Archive | November 8, 2019

Quiet places in Rome

Although I knew the Spanish Steps weren’t really that exciting, I wanted to see them.

Yuck! The crowds were unbelievable. As they were along the shopping streets. In fact, it seems everywhere is crowded from 10am on.

Our tour guide of the ancient area advised us that if you want quite, head to the hills. Most are topped with church organisations and they are quiet for contemplation.

I think they are also quiet because people are generally too lazy to walk up the hills, and they only want to tick off the main attractions.

Mr S and I visited a number of quiet places. They all had much to look at. Also, not being pushed and shoved and negotiating around people was a relief.

The Protestant Cemetery

Just behind the pyramid, across from the Pyramid metro station lies the Protestant cemetery, which is also a cat sanctuary. It’s quiet and green and cool.

The statue of the Angel of Grief – shows such anguish which the sculptor Celt at the loss of his wife.

The poets, Shelley and Keats, and some family and friends are buried here.

The Aqueduct Park

A short metro ride and a short walk away from the centre of Rome is the Aqueduct Park. Locals are riding, jogging, walking their dogs. But there were no crowds. Just open fields with the aqueducts, trees and a pond. We walked around and marvelled at the skill of the Romans and how soil level rises and covers what are huge monuments.

The hill behind Trastevere

We walked up the hill and, as is our way, got lost and and wandered around, discovering things.

We had the path along the fence on the other side of the Botanic Gardens to ourselves.

There’s statues and memorials to people we don’t know. One we thought looked out of a western. Love the bird having a free ride on his shoulder. It was part of the statue.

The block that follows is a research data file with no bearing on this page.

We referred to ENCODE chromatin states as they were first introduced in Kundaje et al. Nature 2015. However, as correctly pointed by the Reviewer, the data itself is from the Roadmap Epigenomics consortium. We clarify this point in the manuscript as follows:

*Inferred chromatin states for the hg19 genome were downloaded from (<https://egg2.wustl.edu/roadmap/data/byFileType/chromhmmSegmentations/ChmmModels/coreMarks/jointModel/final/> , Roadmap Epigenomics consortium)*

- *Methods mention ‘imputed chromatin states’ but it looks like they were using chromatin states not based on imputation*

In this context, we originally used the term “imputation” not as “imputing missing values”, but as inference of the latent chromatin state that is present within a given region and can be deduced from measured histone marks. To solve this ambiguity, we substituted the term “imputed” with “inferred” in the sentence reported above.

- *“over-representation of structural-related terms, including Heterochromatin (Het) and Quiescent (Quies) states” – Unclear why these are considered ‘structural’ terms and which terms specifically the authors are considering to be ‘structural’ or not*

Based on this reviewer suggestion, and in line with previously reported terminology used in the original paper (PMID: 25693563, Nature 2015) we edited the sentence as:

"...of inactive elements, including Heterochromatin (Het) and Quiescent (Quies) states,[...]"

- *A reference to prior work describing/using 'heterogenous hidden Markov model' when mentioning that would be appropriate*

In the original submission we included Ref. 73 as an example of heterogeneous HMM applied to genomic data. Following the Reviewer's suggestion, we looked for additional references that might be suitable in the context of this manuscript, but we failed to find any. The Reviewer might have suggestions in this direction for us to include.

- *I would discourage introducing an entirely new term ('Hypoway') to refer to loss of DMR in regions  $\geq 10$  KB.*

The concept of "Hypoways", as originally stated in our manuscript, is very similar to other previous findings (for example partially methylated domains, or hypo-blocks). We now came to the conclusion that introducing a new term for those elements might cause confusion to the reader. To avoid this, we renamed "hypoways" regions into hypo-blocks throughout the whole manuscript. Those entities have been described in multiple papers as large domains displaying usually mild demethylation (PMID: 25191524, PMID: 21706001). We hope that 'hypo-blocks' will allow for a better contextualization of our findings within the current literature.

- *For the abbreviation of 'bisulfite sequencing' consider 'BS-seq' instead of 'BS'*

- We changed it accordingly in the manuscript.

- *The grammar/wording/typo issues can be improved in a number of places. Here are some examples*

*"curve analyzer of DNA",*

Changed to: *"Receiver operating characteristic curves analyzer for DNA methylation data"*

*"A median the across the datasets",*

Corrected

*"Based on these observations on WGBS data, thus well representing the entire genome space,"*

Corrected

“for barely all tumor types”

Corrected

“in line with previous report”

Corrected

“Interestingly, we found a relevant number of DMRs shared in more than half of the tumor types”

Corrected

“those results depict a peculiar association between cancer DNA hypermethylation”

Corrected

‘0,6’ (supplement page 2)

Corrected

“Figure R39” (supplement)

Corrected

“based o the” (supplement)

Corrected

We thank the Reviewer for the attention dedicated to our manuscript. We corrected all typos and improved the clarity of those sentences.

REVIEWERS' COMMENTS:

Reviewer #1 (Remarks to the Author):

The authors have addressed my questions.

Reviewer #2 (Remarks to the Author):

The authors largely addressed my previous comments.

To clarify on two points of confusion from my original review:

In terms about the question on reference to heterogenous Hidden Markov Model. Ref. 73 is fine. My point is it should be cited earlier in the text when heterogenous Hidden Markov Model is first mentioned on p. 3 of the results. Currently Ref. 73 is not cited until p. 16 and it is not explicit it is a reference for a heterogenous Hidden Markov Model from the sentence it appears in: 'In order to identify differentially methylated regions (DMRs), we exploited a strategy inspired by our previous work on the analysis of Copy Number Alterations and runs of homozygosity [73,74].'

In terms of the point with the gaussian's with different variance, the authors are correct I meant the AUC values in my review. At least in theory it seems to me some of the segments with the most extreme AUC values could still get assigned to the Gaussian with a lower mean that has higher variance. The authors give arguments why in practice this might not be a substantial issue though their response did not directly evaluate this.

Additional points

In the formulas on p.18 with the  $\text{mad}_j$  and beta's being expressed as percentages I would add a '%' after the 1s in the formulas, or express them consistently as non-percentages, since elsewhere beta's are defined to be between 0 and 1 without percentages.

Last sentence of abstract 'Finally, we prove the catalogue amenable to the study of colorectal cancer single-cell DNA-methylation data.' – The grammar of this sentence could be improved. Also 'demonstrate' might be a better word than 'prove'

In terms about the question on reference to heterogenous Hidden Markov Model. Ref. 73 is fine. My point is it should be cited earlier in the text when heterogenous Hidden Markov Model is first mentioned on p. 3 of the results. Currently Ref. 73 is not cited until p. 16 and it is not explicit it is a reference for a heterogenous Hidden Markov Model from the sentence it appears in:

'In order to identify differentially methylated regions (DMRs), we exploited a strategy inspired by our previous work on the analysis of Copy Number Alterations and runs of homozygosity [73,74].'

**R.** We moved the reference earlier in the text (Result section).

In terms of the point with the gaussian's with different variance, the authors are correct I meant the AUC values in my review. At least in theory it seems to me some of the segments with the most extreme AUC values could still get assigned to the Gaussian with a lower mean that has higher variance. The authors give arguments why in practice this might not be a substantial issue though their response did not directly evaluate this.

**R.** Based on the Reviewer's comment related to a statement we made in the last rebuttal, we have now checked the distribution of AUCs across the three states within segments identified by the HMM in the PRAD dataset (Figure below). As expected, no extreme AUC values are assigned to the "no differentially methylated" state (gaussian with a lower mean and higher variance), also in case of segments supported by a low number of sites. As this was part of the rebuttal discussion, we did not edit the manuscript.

The Knights of Malta Hill

On the way up, we walked around the streets, admiring the beautiful houses in the area. (OK, we got lost again but enjoyed the walk. OK, we really had a little blue over map reading. But we still enjoyed the end product.)

I read to expect a queue of people wanting to look through the keyhole towards St Peter’s. There were many people. (Though Mr S did get annoyed at one group of Americans, each of whom wanted to take a photo and one of whom tried several times with three different cameras.) The view is amazing. (I didn’t bother trying to take a photo. I knew if I googled it someone with a better camera would have put one out there.)

See the flag of the knights of Malta?

The door, worn from all the tourists.

Someone else’s photo of the view. It was like this by more amazing. The line of trees were beautiful

After we peered through the keyhole, a huge tour group turned up. Still walk a few steps away and we had parks and views to ourselves. They only come for the look through the keyhole.

Mr S calls this, Another tower of Pisa, only better as its not broken/leaning

We didn’t get to the Mask of Truth but probably glad as it would have been covered in tourists. We had this fountain to ourselves.

A burning martyr in a park on the hill

Our last view over Rome. (Interesting fact: no building is allowed to be taller than St Peters basilica.)

Green and peace abound!